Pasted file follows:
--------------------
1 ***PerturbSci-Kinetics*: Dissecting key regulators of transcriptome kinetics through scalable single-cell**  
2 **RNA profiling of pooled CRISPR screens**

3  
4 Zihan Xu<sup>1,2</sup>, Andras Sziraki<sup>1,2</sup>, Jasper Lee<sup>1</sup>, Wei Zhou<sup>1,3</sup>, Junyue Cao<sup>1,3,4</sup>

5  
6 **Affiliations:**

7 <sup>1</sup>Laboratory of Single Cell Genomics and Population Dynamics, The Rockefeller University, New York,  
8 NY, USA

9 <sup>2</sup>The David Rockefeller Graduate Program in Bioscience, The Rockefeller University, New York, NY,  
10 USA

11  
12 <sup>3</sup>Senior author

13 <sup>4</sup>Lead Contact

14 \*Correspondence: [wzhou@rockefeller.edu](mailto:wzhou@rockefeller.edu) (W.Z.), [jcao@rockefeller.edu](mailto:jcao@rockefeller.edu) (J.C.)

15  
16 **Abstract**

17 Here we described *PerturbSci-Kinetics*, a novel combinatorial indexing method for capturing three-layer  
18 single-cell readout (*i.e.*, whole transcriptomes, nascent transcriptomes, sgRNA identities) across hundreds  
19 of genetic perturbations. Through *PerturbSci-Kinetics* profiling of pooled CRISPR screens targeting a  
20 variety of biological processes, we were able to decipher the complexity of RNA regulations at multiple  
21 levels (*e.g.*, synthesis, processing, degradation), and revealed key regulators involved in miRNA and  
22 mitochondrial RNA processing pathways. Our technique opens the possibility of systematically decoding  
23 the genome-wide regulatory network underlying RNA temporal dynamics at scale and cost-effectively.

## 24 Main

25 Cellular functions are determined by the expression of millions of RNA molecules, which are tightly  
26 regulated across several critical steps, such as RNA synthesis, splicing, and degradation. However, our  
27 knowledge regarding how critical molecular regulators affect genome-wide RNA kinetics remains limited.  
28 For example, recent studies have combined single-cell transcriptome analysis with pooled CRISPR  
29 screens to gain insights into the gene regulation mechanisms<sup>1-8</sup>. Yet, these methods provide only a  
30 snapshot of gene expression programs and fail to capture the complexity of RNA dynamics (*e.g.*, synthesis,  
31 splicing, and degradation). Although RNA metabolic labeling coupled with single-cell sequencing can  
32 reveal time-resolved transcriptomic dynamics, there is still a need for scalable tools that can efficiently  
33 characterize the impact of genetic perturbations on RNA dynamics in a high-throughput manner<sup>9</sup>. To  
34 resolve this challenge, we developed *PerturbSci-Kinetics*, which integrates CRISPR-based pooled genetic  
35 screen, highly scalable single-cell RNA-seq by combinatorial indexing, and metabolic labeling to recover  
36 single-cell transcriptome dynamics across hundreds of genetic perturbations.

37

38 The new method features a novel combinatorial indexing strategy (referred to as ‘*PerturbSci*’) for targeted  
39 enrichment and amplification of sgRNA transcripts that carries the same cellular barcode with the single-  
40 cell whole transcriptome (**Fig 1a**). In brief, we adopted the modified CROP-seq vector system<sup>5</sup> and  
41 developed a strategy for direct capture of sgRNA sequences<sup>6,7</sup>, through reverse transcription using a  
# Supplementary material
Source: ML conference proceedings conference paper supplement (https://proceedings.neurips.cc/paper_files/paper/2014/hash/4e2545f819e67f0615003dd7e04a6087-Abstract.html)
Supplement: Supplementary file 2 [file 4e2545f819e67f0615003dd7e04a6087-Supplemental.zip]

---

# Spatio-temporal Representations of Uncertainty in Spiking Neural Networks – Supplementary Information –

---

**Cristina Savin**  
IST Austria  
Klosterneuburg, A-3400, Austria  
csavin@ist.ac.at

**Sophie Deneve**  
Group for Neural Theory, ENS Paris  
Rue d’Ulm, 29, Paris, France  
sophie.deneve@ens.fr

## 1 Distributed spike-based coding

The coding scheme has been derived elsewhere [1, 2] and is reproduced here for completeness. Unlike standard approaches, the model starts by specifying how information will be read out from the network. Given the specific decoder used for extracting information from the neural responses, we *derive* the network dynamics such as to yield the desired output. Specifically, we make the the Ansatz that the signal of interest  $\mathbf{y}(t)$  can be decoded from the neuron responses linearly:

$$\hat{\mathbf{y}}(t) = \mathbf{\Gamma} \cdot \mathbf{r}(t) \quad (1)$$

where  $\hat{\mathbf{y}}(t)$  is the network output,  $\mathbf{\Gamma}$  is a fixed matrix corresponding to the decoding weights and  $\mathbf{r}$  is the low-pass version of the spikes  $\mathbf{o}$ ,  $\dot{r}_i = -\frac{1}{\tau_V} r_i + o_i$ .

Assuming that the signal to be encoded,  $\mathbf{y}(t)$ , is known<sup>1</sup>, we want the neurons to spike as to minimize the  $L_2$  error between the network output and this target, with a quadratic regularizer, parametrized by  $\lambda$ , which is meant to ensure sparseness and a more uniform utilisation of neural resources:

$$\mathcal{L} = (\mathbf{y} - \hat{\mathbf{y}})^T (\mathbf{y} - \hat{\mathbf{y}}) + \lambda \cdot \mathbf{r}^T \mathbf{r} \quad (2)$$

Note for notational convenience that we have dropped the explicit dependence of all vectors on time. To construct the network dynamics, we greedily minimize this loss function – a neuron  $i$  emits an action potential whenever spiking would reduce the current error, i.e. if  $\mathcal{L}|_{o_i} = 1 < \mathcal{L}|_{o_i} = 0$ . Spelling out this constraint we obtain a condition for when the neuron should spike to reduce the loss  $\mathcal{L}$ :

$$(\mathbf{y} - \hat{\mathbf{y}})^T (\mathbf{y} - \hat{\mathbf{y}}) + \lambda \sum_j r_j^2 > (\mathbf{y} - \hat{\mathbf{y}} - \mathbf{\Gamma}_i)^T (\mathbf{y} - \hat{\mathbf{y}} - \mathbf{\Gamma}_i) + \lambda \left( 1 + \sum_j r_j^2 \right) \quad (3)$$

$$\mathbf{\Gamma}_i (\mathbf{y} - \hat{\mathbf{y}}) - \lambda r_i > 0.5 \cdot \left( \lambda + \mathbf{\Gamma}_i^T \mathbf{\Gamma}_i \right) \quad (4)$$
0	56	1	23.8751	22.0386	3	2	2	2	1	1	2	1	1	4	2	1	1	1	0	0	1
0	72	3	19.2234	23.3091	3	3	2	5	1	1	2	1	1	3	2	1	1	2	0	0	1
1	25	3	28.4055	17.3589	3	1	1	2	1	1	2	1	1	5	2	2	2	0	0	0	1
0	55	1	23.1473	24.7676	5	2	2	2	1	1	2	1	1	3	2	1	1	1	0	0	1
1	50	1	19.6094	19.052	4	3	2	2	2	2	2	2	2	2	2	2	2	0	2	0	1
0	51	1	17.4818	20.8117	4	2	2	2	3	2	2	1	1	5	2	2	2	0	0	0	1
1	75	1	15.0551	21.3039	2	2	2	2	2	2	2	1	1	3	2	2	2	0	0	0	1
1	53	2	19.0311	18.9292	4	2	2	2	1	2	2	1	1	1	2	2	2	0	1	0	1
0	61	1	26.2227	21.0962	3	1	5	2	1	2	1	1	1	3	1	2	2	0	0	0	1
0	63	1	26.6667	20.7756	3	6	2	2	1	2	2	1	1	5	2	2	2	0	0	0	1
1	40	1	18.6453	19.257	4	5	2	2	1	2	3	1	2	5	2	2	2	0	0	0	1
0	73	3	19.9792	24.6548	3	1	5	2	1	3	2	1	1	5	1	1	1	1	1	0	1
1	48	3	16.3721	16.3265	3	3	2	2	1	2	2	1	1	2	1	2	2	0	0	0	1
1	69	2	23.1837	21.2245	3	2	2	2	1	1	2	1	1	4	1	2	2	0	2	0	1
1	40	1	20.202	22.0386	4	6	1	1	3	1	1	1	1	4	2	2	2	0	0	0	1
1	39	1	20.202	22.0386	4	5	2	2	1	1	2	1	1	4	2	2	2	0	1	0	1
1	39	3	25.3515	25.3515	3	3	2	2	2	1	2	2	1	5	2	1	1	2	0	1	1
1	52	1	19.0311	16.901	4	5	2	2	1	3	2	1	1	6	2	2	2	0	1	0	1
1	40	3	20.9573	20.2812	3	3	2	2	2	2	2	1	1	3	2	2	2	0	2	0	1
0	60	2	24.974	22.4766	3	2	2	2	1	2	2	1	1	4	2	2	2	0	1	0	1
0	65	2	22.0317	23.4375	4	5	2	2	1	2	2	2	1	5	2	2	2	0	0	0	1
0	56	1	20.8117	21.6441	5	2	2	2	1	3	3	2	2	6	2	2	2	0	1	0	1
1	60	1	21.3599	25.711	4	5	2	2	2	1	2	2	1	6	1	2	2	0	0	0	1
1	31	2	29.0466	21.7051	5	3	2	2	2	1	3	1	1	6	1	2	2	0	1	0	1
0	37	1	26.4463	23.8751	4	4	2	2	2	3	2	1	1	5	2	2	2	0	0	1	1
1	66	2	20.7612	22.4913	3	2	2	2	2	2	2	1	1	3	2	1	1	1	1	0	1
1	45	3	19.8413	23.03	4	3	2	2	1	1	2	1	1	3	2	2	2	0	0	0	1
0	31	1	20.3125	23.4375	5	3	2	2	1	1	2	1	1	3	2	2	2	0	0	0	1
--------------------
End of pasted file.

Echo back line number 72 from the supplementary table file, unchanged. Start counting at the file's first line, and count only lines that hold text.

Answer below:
1	53	2	19.0311	18.9292	4	2	2	2	1	2	2	1	1	1	2	2	2	0	1	0	1